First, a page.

Trusted

Article rating from 0 people

Default rating: 2.5 of 5

Ecology

Habitat

oceanic, epipelagic
translation missing: en.license_cc_by_4_0

© WoRMS for SMEBD

Source: World Register of Marine Species

Trusted

Article rating from 0 people

Default rating: 2.5 of 5

Habitat and Ecology

Habitat and Ecology
This species occurs in the open ocean and is one of the smallest ommastrephid squids (Young and Vecchione 2009). Whilst it is known to inhabit the upper water column (<100 m in depth) at night, its daytime depth is unknown (Young and Vecchione 2009). Off Hawaii, mature females have been taken between 1,700 and 2,200 m in depth, and mass stranding of mature individuals have been reported on Hawaiian beaches (Young and Vecchione 2009). Such mass strandings of mature individuals suggests that spawning aggregations are formed. It is preyed upon by pelagic fish and sea birds (i.e. black noddy terns) (Roper et al. 2010). Little is known about the biology and ecology of this species.


Systems
  • Marine
Creative Commons Attribution Non Commercial Share Alike 3.0 (CC BY-NC-SA 3.0)

© International Union for Conservation of Nature and Natural Resources

Source: IUCN

Trusted

Article rating from 0 people

Default rating: 2.5 of 5

Depth range based on 53 specimens in 1 taxon.
Water temperature and chemistry ranges based on 46 samples.

Environmental ranges
  Depth range (m): 20 - 1025
  Temperature range (°C): 7.090 - 27.030
  Nitrate (umol/L): 0.008 - 21.935
  Salinity (PPS): 34.414 - 36.904
  Oxygen (ml/l): 3.594 - 5.131
  Phosphate (umol/l): 0.036 - 1.415
  Silicate (umol/l): 0.885 - 14.234

Graphical representation

Depth range (m): 20 - 1025

Temperature range (°C): 7.090 - 27.030

Nitrate (umol/L): 0.008 - 21.935

Salinity (PPS): 34.414 - 36.904

Oxygen (ml/l): 3.594 - 5.131

Phosphate (umol/l): 0.036 - 1.415

Silicate (umol/l): 0.885 - 14.234
 
Note: this information has not been validated. Check this *note*. Your feedback is most welcome.

Trusted

Article rating from 0 people

Default rating: 2.5 of 5

Life History and Behavior

Life Cycle

Life History

Paralarvae

Dorsal head chromatophores tend to be very small, especially those in the mid-dorsal line. Young paralarvae with few large mantle chromatophores, typically one dorsal and one ventral.


Figure. Ventral and dorsal views of paralarval stages and the first juvenile stage of H. pelagica. Drawings from Harman and Young (1985).


Figure. Frontal view of the suckers at the tip of the proboscis of a paralarval H. pelagica. Photograph from Harman and Young (1985).

Adults

Fully developed hectocotylus may be present by 45 mm ML (Wormuth, 1976) and females can mature at least by 55 mm ML (pers. obs.).

Trusted

Article rating from 0 people

Default rating: 2.5 of 5

Molecular Biology and Genetics

Molecular Biology

Barcode data: Hyaloteuthis pelagica

The following is a representative barcode sequence, the centroid of all available sequences for this species.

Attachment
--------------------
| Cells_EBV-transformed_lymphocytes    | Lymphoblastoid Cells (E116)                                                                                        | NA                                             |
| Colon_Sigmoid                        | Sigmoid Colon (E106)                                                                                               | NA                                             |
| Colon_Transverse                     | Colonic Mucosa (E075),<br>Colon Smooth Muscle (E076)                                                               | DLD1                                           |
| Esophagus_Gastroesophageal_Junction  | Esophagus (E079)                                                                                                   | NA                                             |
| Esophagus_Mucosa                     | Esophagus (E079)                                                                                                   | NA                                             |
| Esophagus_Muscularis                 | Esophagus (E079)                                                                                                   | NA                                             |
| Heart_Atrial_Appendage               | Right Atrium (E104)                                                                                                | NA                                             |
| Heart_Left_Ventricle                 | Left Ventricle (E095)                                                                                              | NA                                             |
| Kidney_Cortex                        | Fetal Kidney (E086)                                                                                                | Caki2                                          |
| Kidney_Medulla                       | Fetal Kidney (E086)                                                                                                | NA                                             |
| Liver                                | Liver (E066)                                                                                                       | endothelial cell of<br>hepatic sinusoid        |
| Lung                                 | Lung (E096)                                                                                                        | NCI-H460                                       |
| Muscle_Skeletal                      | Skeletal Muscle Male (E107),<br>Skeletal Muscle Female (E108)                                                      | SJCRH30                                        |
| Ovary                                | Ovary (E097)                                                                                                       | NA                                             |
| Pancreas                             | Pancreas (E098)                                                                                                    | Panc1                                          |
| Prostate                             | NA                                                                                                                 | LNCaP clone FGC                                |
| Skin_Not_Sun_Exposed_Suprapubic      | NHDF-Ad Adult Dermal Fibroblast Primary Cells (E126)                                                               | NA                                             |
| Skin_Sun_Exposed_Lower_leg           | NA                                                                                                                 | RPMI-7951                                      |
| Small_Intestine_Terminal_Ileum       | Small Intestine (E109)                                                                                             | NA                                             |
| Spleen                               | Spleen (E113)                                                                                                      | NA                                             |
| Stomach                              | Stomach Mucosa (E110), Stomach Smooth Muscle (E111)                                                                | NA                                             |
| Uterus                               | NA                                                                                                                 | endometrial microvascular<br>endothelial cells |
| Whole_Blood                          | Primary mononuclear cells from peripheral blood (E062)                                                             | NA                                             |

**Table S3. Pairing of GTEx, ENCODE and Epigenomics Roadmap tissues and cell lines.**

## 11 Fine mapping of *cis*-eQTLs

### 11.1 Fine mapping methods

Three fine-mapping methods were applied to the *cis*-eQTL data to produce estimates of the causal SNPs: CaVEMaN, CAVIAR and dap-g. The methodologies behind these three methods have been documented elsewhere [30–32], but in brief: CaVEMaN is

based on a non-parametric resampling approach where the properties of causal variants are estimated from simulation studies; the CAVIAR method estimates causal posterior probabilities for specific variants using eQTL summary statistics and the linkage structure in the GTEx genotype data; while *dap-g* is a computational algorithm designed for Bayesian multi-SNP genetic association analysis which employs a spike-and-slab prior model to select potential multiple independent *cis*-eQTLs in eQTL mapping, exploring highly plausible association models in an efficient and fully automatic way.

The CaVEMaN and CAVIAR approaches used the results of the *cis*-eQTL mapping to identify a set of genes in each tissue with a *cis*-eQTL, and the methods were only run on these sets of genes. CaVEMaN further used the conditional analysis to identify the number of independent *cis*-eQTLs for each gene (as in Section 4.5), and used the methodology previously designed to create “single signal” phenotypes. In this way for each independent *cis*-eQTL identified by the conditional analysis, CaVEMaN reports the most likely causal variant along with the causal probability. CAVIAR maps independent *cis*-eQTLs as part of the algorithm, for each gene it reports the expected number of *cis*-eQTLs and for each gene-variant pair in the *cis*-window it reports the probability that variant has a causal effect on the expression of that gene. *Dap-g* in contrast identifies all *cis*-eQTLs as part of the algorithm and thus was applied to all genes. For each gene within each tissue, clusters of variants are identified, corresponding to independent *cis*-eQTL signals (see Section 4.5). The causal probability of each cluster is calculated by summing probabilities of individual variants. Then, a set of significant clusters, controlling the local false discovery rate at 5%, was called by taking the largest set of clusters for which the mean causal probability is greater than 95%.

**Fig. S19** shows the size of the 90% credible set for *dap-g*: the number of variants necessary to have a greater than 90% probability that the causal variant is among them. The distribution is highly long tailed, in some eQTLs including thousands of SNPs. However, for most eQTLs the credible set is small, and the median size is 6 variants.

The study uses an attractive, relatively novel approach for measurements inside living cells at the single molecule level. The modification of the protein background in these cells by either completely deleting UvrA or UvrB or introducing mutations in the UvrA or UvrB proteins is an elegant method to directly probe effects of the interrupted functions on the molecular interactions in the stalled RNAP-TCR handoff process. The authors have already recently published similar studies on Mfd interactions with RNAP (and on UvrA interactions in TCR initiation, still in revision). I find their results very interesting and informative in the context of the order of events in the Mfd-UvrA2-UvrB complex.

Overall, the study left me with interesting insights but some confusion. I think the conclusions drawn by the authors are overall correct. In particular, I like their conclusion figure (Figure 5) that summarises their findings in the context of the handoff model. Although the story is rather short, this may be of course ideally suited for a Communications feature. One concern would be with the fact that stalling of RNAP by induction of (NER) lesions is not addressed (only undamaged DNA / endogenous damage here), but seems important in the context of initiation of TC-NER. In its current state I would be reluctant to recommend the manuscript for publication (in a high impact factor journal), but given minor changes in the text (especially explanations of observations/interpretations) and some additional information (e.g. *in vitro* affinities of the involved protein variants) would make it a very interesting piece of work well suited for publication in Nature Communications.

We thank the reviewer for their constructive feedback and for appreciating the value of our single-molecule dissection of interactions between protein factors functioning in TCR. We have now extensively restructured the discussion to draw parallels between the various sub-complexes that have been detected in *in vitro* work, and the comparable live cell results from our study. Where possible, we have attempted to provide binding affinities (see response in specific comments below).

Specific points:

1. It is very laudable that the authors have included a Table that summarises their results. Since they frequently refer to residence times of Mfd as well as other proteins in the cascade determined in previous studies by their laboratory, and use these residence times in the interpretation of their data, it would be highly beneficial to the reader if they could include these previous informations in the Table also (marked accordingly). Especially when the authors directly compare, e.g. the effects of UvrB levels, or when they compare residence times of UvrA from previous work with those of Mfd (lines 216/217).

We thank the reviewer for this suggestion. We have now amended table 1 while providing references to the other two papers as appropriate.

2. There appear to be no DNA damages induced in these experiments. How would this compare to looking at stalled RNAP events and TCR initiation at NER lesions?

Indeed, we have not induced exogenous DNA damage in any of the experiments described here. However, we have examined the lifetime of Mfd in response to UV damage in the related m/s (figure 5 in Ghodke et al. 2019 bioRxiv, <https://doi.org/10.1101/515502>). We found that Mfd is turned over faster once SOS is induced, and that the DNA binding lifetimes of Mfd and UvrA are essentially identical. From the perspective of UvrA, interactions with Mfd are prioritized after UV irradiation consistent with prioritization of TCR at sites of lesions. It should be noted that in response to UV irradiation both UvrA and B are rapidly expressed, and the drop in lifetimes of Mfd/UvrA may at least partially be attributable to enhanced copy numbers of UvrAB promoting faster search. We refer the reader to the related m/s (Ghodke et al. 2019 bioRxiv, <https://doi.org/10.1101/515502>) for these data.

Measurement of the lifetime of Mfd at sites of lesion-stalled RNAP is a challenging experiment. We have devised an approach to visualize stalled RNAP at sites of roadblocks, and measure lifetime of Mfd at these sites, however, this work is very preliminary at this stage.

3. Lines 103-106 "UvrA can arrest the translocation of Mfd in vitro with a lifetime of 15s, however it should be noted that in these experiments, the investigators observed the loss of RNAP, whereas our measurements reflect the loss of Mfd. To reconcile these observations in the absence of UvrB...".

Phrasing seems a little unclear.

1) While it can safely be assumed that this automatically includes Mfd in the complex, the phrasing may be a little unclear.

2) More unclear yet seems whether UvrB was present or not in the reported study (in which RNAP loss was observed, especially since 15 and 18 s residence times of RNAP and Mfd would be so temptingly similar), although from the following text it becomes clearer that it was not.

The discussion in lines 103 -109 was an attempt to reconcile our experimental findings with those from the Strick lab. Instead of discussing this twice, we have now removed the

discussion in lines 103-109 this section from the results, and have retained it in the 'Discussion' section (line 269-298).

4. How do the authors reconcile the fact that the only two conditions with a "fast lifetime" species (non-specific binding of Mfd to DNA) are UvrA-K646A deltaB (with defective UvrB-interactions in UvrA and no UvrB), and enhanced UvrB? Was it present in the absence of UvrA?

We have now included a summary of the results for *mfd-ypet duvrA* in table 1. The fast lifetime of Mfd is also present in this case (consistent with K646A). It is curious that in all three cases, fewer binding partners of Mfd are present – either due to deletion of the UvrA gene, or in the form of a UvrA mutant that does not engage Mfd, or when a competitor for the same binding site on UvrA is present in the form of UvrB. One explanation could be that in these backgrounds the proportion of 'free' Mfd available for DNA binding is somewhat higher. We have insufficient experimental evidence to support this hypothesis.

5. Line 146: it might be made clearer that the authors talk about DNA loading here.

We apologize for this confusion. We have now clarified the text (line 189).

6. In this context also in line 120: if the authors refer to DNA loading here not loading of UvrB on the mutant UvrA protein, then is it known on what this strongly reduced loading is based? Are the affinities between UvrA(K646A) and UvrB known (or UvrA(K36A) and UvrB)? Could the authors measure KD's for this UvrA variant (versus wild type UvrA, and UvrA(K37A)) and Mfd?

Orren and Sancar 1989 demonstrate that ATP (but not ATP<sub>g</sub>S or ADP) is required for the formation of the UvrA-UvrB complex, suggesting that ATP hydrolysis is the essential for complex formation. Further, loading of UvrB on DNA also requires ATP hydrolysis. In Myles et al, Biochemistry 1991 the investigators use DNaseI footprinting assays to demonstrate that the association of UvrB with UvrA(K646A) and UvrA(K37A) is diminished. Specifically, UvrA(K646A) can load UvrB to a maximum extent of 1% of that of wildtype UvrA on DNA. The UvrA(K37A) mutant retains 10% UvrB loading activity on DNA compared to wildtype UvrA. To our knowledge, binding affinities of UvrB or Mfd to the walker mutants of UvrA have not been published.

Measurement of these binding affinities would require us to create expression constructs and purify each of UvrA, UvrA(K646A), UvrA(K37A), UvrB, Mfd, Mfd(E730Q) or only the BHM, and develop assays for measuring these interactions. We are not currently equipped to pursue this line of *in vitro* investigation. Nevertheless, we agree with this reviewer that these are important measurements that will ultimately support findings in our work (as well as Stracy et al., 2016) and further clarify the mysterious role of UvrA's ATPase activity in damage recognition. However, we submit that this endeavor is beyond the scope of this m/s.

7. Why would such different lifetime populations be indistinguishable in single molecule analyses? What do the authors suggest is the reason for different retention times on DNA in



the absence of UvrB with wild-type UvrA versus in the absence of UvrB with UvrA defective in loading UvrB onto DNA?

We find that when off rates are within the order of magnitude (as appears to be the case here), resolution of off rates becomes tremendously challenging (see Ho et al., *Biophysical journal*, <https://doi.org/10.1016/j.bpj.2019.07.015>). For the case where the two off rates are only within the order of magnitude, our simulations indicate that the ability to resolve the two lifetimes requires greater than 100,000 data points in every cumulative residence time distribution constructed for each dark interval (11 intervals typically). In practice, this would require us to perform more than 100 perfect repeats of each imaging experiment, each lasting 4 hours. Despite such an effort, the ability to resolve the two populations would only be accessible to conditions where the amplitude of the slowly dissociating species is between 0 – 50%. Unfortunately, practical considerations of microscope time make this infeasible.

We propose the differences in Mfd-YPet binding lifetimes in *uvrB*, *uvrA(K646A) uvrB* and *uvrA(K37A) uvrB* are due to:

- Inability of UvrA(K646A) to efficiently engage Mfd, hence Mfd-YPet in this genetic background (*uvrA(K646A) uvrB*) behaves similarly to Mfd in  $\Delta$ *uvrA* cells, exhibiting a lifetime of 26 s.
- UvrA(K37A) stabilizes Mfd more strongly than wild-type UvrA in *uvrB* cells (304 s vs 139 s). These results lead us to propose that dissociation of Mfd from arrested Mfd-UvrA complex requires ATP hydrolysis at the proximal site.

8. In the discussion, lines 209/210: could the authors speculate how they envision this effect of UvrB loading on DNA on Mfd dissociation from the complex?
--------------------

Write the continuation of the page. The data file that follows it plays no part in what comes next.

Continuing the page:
No available public DNA sequences.

Download FASTA File
Creative Commons Attribution 3.0 (CC BY 3.0)

© Barcode of Life Data Systems

Source: Barcode of Life Data Systems (BOLD)

Trusted

Article rating from 0 people

Default rating: 2.5 of 5

Statistics of barcoding coverage: Hyaloteuthis pelagica

Barcode of Life Data Systems (BOLDS) Stats
Public Records: 1
Specimens with Barcodes: 1
Species With Barcodes: 1
Creative Commons Attribution 3.0 (CC BY 3.0)

© Barcode of Life Data Systems

Source: Barcode of Life Data Systems (BOLD)

Trusted

Article rating from 0 people

Default rating: 2.5 of 5

Conservation

Conservation Status

IUCN Red List Assessment


Red List Category
LC
Least Concern

Red List Criteria

Version
3.1

Year Assessed
2014

Assessor/s
Barratt, I. & Allcock, L.

Reviewer/s
Young, R., Vecchione, M. & Böhm, M.

Contributor/s
Carrete-Vega, G.

Justification
Hyaloteuthis pelagica has been assessed as Least Concern. This is an oceanic species with a worldwide distribution, making it less susceptible to human impact. However, more research is still needed on its ecology and biology.
Creative Commons Attribution Non Commercial Share Alike 3.0 (CC BY-NC-SA 3.0)

© International Union for Conservation of Nature and Natural Resources

Source: IUCN

Trusted

Article rating from 0 people

Default rating: 2.5 of 5

Population

Population
The population size of this species is unknown.

Population Trend
Unknown
Creative Commons Attribution Non Commercial Share Alike 3.0 (CC BY-NC-SA 3.0)

© International Union for Conservation of Nature and Natural Resources

Source: IUCN

Trusted

Article rating from 0 people

Default rating: 2.5 of 5

Threats

Major Threats
The threats to this species are unknown.
Creative Commons Attribution Non Commercial Share Alike 3.0 (CC BY-NC-SA 3.0)

© International Union for Conservation of Nature and Natural Resources

Source: IUCN

Trusted

Article rating from 0 people

Default rating: 2.5 of 5

Management

Conservation Actions

Conservation Actions
There are no species-specific conservation measures in place for this species. Further research is recommended in order to determine the precise distribution, population dynamics, life history and ecology of this species.
Creative Commons Attribution Non Commercial Share Alike 3.0 (CC BY-NC-SA 3.0)

© International Union for Conservation of Nature and Natural Resources

Source: IUCN

Trusted

Article rating from 0 people

Default rating: 2.5 of 5

Disclaimer

EOL content is automatically assembled from many different content providers. As a result, from time to time you may find pages on EOL that are confusing.

To request an improvement, please leave a comment on the page. Thank you!